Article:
The soon-to-be-finalised Dodd-Frank financial reform bill will introduce greater transparency and accountability to the over-the-counter (OTC) derivatives market in the US, but it has left a number of questions unanswered.
The US Congress's harmonised version of the financial reform package includes requirements for exchange trading and central clearing of OTC derivatives. The bill also calls for data collection and publication of OTC derivatives trades through clearing houses or swaps repositories, with the aim of improving market transparency and allowing regulators to monitor trading activity.
But the task of specifying which types of instrument should be standardised, listed on exchange and cleared centrally has been delegated to the Securities and Exchange Commission (SEC) and Commodities Futures Trading Commission (CFTC) regulatory bodies.
Under the reform bill, both the SEC and CFTC will be given responsibility to regulate the OTC derivatives market, curb irresponsible practices and excessive risk taking. The regulators will have “broad enforcement authority to punish bad actors that knowingly help clients defraud third parties or the public”.
The bill also handed power to the CFTC and SEC to pre-approve contracts before they can be accepted by clearing houses. But according to John Jay, senior analyst at consultancy Aite Group, more clarity will be required to determine how this process will be handled.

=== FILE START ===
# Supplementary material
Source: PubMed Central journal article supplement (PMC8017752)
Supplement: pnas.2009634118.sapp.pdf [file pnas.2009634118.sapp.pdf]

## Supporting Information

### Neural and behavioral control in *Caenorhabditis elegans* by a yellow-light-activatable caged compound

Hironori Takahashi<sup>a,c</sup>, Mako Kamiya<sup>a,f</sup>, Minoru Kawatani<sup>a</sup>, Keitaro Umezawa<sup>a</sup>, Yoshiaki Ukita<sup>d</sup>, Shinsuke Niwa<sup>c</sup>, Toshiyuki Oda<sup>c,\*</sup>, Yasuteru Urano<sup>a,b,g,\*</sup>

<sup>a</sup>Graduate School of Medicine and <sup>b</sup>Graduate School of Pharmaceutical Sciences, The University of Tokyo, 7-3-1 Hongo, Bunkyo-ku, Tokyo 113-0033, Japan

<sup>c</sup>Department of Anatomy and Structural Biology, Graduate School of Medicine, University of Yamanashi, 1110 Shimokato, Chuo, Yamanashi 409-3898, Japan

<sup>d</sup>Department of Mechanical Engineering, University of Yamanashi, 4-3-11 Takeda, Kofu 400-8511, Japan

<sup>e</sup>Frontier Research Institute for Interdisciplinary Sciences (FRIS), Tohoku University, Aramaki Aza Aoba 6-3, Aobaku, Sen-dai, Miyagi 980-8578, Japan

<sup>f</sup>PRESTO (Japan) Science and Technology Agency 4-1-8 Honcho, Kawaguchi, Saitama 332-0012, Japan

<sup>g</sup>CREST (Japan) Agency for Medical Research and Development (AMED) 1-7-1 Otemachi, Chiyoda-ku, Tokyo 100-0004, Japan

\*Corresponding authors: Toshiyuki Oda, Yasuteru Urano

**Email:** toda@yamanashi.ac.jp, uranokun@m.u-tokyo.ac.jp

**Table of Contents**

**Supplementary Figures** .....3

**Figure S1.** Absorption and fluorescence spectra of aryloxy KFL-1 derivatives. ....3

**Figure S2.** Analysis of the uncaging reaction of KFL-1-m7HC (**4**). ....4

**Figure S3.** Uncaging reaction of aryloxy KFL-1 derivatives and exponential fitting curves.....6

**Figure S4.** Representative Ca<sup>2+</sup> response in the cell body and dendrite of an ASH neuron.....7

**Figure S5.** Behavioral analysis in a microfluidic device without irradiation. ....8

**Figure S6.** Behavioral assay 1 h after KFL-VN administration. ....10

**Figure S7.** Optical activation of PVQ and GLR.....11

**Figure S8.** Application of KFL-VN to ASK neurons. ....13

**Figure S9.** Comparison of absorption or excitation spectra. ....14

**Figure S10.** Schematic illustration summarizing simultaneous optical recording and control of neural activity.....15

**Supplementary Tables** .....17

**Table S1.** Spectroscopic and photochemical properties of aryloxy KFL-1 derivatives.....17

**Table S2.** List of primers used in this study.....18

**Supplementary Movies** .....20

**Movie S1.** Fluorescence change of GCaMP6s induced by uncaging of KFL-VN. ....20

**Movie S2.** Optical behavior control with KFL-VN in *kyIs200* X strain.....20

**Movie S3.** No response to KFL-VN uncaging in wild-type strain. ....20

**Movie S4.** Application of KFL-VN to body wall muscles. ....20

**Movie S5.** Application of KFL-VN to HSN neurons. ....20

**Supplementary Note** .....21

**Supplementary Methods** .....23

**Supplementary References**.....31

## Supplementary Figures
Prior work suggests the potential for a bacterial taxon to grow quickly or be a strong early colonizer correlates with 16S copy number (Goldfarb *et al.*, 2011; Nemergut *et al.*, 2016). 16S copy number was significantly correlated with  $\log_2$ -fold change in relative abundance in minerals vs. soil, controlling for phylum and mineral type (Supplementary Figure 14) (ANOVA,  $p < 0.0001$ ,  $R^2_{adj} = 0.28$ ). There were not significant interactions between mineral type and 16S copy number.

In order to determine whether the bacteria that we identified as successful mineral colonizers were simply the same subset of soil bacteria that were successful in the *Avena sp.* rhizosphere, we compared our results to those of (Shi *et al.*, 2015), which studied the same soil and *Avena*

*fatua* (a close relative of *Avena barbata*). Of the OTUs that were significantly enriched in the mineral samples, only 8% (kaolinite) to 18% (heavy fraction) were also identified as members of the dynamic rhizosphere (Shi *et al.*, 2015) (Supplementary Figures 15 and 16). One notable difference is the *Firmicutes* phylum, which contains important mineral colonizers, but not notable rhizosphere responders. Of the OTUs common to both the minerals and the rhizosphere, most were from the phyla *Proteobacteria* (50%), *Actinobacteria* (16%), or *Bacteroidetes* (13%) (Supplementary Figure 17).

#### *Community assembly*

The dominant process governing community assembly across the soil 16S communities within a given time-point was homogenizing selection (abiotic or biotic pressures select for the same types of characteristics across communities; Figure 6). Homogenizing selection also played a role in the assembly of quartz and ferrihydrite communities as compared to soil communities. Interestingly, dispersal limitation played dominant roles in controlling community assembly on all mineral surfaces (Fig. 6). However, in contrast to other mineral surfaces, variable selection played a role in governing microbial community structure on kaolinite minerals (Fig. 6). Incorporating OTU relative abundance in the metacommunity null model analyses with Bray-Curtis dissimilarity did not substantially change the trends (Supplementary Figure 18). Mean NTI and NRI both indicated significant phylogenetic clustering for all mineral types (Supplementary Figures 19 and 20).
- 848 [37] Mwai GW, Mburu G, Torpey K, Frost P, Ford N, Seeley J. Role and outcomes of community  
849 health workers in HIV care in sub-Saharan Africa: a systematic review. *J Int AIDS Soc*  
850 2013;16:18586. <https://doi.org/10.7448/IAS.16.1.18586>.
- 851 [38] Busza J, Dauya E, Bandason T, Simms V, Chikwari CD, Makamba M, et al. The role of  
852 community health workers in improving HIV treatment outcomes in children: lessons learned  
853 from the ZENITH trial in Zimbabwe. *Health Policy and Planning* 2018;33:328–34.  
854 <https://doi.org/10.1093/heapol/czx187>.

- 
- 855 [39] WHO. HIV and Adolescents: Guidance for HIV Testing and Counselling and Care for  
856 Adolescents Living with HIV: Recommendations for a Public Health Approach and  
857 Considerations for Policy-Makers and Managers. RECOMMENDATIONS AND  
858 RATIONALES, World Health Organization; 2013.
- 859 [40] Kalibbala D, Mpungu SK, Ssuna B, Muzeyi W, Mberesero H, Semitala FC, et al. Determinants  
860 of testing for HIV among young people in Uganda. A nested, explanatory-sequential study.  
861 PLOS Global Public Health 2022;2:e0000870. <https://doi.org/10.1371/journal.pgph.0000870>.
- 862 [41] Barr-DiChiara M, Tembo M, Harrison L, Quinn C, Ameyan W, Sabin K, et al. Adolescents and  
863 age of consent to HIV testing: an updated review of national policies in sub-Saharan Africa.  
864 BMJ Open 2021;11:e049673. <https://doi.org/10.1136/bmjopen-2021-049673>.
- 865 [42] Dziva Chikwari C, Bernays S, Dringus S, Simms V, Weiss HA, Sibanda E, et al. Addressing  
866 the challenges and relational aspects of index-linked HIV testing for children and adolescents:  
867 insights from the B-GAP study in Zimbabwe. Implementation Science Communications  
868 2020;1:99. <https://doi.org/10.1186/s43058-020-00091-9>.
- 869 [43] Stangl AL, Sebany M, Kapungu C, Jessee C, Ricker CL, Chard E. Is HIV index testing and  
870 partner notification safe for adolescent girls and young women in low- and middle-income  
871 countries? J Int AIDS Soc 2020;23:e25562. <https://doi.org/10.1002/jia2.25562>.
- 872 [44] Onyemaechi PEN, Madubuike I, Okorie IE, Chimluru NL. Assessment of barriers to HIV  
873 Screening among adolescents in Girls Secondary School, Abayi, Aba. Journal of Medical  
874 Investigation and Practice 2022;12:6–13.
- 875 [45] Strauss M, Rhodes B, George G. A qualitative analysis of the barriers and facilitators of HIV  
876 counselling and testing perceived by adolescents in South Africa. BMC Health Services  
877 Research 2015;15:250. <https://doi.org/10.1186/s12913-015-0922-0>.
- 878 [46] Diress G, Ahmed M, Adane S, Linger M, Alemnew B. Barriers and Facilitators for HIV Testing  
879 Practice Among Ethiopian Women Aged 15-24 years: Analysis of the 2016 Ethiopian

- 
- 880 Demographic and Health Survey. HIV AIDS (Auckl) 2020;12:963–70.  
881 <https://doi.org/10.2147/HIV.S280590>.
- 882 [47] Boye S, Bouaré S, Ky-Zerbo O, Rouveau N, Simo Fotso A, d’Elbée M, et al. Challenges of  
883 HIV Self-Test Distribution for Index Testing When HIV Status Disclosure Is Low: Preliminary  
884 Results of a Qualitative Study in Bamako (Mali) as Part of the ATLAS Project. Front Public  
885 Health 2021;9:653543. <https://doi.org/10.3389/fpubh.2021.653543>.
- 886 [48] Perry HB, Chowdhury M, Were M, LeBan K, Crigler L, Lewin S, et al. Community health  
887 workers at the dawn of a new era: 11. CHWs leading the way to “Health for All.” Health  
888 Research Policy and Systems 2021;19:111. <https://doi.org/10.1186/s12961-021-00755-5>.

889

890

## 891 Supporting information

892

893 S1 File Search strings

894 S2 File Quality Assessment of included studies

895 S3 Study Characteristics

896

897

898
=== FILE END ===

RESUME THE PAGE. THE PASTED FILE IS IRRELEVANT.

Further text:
“On any given day, the volumes that need to be cleared could be tremendous, so its hard to see how this would be made operational unless the regulators have a matching engine with the ability to process pre-approved contract types,” Jay told theTRADEnews.com.
The Dodd-Frank bill recognises that certain types of contracts will not be suitable for trading on exchange or for central clearing and Jay suggests this could amount to 10-15% of total OTC derivatives trading. These highly customised transactions must still be reported to improve overall market transparency and accountability.
“Broker-dealers may be wary of giving up a competitive advantage by revealing too much information on exotic OTC instruments, but my guess is that regulators will only request broad information on the type of OTC derivative, notional size and counterparties,” said Jay. “Earlier versions of the bill touted the possibility of a higher capital charge for exotic OTC instruments, which isn't addressed in the latest version.”
The US House of Representatives has approved the bill but the Senate is not due to hold its vote until the middle of July.